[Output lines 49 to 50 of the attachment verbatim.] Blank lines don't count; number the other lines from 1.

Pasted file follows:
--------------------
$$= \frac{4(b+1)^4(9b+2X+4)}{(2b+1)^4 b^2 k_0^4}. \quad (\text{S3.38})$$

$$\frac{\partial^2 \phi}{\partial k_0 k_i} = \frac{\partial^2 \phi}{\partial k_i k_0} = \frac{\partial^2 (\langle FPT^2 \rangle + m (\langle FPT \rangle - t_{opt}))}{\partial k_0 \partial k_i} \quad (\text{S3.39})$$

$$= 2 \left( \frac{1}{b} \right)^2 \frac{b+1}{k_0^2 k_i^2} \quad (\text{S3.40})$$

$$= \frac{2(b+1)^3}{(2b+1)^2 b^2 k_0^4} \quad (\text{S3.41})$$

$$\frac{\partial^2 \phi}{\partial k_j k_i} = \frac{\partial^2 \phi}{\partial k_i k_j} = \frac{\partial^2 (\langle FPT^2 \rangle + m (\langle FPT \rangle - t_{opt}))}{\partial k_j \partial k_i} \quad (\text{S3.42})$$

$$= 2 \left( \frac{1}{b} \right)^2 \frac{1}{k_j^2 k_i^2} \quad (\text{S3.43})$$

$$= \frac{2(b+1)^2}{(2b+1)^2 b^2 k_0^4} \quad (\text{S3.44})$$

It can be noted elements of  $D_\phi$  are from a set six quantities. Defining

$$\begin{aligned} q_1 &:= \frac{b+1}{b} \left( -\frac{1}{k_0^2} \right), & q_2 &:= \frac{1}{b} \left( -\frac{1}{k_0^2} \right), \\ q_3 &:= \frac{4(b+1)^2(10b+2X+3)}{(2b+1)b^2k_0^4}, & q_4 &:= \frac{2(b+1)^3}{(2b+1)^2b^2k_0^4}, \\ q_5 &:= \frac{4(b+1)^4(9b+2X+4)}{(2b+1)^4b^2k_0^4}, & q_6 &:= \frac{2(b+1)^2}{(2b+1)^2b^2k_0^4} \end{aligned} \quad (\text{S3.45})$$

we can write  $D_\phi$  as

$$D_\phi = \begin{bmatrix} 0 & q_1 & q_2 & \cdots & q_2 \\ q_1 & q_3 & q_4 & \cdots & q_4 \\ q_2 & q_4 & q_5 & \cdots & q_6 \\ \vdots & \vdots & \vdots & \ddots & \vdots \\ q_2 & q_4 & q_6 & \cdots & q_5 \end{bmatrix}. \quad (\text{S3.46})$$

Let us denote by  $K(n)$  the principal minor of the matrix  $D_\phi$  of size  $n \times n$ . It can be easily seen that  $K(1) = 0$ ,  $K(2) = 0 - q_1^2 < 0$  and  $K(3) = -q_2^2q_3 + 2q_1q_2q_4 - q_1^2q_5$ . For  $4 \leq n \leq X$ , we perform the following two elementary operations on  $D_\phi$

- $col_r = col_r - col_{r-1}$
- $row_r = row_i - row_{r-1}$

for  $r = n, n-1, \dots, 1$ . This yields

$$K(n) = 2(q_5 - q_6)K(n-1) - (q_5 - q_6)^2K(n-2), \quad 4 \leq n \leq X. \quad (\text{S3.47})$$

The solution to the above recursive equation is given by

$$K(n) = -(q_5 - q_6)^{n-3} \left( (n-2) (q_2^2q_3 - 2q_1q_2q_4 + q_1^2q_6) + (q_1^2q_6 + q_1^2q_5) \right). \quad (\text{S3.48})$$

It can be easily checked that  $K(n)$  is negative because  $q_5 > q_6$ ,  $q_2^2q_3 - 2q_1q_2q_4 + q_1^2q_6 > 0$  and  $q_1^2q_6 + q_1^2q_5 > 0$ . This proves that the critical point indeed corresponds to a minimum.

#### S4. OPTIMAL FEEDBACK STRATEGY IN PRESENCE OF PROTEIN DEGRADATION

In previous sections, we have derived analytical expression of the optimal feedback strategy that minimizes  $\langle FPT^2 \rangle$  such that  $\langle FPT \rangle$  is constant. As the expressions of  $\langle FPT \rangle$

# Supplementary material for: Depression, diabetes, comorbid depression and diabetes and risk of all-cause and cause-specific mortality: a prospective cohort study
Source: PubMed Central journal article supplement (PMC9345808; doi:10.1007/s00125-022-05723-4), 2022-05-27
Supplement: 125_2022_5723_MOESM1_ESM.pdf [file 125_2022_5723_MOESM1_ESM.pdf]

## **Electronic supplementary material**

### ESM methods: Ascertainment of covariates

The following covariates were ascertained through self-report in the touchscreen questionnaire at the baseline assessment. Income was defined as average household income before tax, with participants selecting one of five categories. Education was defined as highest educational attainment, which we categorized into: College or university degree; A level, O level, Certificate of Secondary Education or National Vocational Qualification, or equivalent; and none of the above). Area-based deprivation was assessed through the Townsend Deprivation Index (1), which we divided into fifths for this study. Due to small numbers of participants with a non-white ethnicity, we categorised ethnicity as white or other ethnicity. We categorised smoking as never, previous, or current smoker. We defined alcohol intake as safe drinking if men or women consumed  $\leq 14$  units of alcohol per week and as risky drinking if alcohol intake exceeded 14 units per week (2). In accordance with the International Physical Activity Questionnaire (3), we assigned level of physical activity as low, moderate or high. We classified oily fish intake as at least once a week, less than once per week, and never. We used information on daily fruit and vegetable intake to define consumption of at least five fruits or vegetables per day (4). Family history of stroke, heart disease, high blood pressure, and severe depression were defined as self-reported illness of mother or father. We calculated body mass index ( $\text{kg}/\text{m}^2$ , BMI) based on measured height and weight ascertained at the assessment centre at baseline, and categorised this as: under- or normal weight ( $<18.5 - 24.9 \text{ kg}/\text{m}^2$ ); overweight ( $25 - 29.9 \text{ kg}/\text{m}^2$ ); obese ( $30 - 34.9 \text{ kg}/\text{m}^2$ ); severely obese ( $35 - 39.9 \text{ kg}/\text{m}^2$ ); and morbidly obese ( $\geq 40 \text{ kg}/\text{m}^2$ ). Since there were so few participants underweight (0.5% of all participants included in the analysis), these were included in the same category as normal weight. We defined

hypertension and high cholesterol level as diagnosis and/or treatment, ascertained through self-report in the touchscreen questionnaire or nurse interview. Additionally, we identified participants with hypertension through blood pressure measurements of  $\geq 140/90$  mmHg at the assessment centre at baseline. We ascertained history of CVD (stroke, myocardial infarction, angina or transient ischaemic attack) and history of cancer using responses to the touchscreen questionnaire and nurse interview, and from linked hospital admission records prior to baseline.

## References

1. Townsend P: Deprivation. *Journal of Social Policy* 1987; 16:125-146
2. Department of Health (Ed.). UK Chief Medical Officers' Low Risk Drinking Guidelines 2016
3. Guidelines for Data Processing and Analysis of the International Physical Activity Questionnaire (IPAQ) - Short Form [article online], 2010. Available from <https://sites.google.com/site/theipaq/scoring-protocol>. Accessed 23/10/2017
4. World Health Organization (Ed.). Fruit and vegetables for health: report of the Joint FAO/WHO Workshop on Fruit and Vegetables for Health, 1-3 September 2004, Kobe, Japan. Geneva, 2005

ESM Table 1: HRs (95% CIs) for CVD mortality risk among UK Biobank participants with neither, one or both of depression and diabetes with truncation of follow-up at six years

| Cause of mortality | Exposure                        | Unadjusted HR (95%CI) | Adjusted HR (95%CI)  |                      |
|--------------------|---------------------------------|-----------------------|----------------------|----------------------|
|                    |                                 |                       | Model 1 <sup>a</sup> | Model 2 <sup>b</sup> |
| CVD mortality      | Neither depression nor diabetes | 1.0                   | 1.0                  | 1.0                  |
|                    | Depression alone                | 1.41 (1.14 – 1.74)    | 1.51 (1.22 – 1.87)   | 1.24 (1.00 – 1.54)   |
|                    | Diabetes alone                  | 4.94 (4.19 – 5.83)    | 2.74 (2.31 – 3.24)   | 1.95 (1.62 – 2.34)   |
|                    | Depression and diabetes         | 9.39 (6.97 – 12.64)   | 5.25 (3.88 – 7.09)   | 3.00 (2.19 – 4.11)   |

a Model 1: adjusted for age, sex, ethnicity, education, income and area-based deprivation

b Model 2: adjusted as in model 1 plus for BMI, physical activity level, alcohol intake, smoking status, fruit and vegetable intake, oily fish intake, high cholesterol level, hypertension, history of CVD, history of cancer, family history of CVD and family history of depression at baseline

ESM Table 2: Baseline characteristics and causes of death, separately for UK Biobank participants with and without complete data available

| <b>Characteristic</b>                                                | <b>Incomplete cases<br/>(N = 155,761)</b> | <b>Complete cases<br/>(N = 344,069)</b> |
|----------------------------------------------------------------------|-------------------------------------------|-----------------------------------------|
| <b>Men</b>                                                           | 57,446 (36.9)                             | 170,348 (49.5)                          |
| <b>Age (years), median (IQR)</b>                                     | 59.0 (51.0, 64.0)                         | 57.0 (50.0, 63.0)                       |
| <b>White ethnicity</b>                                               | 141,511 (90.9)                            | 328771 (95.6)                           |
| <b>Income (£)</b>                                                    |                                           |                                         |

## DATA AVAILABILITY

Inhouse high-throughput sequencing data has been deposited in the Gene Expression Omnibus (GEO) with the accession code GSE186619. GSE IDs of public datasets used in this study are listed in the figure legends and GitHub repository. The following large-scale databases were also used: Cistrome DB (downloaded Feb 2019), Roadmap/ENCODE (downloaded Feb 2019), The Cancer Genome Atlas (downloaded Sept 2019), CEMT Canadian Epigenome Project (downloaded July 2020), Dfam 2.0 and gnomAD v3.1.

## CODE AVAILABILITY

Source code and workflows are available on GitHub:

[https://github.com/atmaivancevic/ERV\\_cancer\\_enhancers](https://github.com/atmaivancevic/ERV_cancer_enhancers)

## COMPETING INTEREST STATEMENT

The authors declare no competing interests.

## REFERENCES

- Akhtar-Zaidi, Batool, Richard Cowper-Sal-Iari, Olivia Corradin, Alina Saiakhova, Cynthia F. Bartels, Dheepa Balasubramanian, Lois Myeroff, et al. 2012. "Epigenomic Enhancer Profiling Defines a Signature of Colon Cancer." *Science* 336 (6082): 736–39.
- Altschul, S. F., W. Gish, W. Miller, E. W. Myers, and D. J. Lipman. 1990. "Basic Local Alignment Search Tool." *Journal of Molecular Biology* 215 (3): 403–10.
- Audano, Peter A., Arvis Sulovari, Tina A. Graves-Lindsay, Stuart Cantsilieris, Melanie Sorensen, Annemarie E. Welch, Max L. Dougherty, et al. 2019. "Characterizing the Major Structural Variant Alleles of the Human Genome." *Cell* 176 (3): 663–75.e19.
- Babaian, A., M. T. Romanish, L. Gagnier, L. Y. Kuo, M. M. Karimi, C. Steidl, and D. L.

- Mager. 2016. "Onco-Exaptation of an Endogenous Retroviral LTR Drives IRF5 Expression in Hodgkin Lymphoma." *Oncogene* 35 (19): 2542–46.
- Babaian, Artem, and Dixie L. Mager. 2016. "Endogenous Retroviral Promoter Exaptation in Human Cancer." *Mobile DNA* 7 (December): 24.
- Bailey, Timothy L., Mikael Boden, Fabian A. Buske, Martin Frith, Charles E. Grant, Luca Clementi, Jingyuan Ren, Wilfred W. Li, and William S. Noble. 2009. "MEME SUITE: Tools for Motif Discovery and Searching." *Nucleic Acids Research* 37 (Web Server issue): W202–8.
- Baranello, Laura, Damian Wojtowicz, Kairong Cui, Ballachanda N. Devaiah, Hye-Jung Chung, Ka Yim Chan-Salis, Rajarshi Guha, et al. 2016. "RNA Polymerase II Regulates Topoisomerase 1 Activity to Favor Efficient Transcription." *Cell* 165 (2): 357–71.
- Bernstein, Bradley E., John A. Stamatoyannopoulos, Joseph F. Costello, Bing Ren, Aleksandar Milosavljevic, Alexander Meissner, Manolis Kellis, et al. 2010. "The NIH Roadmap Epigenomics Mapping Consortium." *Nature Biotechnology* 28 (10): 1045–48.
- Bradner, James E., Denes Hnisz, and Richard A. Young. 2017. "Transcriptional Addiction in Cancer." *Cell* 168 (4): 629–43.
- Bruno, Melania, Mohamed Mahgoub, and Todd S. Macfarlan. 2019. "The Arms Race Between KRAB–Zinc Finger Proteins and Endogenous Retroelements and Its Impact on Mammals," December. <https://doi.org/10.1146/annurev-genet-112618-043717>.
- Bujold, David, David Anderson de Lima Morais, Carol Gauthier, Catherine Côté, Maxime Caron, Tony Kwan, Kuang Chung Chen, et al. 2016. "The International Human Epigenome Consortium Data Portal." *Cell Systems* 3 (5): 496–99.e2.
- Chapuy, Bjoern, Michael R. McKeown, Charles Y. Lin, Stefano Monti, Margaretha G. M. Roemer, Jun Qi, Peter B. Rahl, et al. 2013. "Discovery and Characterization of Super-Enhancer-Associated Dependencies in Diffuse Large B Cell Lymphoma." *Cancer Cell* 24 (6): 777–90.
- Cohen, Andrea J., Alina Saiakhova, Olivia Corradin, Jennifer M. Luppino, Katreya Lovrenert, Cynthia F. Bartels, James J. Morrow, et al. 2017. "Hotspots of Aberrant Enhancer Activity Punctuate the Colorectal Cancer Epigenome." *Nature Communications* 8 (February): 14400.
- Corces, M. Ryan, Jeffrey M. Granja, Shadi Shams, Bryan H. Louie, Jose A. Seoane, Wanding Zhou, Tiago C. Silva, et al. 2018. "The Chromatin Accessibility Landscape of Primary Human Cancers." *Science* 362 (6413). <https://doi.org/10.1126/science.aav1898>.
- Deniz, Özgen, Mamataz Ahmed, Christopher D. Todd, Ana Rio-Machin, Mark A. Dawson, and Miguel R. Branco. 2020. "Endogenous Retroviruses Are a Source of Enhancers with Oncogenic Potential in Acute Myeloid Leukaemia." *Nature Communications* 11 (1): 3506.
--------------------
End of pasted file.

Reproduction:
| <b>White ethnicity</b>                                               | 141,511 (90.9)                            | 328771 (95.6)                           |
| <b>Income (£)</b>                                                    |                                           |                                         |